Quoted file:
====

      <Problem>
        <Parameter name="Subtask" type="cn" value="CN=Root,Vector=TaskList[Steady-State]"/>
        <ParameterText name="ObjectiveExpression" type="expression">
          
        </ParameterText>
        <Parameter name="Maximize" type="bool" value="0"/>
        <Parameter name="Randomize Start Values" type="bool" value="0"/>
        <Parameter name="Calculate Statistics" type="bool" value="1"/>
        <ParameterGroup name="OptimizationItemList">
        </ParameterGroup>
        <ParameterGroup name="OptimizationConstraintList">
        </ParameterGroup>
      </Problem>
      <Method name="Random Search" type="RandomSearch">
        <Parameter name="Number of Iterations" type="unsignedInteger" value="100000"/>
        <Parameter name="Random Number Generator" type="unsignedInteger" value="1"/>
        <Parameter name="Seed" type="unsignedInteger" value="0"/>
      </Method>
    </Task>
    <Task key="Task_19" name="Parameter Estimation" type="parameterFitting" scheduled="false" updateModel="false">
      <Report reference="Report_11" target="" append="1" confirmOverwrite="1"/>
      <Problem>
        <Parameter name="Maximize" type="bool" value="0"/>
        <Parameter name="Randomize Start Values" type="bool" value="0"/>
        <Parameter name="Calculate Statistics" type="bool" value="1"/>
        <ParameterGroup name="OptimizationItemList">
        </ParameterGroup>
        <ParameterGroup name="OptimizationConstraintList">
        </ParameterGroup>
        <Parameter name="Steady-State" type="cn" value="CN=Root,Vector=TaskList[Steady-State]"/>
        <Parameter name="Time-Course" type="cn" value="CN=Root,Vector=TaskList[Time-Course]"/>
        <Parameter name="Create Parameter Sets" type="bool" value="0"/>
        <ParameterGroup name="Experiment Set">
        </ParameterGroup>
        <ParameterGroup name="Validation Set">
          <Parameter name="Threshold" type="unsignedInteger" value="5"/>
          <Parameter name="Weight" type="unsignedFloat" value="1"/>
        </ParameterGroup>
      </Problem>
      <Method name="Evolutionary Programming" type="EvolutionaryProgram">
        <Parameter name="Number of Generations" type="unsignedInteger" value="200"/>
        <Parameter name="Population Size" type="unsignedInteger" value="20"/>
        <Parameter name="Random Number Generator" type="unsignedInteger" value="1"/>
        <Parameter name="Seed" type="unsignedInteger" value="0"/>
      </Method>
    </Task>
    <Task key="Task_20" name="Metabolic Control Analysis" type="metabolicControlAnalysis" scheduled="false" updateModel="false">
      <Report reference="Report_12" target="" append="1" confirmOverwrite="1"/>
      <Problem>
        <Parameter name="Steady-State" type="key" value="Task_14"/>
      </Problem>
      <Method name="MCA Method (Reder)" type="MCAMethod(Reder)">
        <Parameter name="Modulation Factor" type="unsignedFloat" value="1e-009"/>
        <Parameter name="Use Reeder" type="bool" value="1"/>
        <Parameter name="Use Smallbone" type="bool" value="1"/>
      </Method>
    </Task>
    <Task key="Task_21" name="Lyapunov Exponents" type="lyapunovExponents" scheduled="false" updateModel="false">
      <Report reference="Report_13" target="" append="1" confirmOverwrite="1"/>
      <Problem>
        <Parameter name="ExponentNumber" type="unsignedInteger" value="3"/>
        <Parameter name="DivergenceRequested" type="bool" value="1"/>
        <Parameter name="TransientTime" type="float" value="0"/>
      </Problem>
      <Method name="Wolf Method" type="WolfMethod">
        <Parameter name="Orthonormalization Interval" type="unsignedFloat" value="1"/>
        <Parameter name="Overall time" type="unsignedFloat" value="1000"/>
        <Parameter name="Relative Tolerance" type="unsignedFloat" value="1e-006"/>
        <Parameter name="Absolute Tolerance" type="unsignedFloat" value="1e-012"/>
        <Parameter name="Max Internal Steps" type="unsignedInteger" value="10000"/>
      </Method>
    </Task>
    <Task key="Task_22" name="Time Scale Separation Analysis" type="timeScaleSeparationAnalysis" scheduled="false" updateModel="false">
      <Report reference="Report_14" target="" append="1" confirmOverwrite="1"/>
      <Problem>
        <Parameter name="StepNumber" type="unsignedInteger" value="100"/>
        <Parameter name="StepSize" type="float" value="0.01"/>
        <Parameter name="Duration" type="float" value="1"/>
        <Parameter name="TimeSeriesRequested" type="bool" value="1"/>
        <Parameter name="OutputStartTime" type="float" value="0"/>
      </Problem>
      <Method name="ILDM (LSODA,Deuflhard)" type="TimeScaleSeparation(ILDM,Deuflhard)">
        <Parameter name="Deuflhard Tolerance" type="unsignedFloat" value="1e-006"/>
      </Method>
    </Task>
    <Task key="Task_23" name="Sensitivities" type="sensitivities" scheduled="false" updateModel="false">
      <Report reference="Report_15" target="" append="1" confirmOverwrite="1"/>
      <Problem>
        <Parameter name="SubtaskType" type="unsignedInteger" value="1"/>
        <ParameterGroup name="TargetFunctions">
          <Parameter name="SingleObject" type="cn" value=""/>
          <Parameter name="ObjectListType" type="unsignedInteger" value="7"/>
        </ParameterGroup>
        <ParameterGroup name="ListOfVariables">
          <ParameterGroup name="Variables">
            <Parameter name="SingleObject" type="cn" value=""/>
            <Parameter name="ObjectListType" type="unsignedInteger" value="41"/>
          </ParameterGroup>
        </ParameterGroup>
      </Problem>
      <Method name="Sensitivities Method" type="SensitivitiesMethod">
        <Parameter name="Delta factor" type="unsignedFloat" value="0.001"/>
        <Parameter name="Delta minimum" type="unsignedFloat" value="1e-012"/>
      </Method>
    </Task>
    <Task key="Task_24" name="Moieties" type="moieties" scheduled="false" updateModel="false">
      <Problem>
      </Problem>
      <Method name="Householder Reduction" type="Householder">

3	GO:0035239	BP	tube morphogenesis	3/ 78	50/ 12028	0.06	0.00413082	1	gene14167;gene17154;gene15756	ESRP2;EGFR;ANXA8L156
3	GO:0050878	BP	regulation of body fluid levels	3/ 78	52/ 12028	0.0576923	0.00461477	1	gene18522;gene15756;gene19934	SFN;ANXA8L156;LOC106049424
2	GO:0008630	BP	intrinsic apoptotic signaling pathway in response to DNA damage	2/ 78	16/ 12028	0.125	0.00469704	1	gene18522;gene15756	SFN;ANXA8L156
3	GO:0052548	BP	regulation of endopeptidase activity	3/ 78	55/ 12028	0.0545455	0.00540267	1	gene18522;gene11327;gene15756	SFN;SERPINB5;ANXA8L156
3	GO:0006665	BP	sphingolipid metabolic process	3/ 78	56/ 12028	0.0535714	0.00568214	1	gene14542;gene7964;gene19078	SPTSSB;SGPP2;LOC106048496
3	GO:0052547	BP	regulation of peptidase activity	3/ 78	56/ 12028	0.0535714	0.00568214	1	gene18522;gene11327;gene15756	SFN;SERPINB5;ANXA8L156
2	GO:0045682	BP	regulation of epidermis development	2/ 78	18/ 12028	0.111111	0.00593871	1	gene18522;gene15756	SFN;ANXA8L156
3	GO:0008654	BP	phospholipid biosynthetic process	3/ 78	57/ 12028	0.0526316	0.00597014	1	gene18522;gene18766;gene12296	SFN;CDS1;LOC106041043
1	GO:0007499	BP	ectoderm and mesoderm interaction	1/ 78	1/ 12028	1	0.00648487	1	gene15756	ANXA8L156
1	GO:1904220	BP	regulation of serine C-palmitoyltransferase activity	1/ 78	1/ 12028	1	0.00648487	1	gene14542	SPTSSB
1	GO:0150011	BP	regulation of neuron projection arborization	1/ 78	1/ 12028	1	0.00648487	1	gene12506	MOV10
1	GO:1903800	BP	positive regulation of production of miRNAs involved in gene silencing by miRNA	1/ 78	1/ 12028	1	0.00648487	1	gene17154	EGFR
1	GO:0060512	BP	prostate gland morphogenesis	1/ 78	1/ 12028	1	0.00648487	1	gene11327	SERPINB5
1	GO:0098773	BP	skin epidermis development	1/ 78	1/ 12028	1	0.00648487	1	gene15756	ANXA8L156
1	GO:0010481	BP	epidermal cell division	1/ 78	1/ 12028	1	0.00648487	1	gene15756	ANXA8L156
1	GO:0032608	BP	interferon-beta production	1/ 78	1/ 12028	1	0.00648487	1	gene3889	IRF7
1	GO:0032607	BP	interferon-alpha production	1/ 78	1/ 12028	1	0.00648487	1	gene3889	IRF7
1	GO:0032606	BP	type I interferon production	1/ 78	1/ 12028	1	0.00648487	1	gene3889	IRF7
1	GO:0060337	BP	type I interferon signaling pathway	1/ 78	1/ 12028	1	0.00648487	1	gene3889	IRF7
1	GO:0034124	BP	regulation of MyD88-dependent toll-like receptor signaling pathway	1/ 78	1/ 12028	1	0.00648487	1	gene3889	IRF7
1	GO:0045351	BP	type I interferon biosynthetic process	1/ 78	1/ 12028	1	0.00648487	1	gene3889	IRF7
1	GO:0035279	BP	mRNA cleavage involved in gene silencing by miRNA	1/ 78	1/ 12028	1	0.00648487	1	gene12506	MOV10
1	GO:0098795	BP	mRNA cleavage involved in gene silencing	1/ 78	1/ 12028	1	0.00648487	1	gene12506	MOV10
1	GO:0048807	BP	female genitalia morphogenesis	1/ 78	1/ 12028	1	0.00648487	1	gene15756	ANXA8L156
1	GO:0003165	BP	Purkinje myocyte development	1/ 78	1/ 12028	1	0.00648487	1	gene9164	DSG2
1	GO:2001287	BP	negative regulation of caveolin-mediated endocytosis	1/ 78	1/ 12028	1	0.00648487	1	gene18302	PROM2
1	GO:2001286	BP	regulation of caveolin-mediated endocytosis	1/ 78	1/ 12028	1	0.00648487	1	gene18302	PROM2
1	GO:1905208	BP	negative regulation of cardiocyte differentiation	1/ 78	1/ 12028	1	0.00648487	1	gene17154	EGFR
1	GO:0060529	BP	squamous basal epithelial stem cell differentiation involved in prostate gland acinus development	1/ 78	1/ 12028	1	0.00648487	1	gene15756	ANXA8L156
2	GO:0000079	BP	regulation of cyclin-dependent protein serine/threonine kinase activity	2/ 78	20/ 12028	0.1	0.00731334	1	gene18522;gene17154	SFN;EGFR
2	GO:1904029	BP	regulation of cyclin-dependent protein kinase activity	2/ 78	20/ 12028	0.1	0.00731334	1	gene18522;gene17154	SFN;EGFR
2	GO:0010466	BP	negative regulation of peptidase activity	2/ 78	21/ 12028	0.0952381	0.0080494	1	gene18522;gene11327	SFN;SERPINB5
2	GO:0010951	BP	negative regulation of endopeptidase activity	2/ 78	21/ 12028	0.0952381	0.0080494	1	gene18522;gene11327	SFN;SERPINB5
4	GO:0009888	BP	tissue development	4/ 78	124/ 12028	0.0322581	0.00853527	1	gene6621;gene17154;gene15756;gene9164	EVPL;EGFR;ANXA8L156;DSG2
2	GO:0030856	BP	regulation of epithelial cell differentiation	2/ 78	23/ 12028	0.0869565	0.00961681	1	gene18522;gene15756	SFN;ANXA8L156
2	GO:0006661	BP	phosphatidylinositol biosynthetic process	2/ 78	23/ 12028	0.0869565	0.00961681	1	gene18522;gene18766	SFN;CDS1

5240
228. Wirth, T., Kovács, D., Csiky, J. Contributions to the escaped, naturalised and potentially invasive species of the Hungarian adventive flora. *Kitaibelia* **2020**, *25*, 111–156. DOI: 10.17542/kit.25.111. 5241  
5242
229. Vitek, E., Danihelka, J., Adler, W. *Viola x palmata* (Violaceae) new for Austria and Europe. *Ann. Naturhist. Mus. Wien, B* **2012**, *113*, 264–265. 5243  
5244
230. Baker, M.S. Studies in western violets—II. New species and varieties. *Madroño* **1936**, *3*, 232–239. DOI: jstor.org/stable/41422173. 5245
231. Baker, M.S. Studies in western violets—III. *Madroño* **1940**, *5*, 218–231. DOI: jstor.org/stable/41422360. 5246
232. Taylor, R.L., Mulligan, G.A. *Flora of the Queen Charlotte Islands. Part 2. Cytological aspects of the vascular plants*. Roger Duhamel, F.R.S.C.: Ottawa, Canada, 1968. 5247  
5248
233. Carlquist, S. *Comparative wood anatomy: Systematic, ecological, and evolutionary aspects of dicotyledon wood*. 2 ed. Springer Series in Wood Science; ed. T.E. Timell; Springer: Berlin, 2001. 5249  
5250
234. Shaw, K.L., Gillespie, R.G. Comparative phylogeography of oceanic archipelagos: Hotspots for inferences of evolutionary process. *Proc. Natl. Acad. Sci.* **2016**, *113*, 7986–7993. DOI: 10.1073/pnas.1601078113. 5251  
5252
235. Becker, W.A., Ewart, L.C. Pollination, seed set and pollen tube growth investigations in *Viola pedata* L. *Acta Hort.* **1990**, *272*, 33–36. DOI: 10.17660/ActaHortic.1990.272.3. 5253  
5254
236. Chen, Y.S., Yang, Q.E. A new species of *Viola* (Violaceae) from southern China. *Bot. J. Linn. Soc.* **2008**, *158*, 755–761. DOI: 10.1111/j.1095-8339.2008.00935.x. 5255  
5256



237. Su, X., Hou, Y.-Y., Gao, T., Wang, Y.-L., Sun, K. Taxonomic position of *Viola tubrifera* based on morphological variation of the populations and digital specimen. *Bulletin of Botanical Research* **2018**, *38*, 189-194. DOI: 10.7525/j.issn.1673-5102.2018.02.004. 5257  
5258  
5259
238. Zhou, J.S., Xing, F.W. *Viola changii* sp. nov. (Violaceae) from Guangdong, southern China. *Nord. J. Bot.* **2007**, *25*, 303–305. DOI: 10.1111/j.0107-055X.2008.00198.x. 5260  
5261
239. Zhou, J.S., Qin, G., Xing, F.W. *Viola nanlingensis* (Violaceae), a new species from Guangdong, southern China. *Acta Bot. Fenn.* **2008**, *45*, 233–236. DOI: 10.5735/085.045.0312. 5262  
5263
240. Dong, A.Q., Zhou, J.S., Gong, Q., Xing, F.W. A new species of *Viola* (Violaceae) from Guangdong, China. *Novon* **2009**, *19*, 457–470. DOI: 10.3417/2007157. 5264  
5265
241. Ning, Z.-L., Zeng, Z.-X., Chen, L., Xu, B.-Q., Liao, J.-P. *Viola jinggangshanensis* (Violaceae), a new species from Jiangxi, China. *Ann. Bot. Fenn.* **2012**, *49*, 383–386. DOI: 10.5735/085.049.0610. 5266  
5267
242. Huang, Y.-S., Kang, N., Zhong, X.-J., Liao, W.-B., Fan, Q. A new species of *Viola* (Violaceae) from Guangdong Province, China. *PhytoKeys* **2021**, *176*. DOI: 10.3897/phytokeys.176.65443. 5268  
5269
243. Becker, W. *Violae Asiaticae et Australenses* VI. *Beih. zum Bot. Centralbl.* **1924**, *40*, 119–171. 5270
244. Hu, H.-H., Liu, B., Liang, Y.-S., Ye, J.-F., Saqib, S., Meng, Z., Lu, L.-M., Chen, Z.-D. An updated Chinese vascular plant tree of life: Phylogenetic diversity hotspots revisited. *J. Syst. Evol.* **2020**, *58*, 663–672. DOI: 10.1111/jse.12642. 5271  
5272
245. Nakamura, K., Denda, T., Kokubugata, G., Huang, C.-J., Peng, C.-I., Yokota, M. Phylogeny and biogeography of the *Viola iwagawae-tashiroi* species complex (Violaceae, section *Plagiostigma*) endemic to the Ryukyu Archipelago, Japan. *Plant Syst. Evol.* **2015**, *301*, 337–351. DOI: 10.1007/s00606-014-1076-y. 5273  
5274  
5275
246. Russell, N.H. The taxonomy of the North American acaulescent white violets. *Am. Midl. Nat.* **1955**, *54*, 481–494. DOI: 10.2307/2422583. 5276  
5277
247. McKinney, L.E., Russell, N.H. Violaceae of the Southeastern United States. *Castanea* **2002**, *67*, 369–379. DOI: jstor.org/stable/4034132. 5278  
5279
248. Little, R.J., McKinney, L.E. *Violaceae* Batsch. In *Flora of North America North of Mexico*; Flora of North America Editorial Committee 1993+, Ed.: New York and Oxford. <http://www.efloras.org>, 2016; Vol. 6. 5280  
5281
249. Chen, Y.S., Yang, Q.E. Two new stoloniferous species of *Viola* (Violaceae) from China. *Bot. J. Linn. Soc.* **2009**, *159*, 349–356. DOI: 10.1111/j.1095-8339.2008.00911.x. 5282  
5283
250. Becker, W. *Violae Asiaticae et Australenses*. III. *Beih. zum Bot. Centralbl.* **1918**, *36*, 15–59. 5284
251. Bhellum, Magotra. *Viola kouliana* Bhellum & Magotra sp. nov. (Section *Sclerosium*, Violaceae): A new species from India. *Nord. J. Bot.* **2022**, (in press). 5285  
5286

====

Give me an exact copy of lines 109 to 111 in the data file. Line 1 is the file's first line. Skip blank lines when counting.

3	GO:0035239	BP	tube morphogenesis	3/ 78	50/ 12028	0.06	0.00413082	1	gene14167;gene17154;gene15756	ESRP2;EGFR;ANXA8L156
3	GO:0050878	BP	regulation of body fluid levels	3/ 78	52/ 12028	0.0576923	0.00461477	1	gene18522;gene15756;gene19934	SFN;ANXA8L156;LOC106049424
2	GO:0008630	BP	intrinsic apoptotic signaling pathway in response to DNA damage	2/ 78	16/ 12028	0.125	0.00469704	1	gene18522;gene15756	SFN;ANXA8L156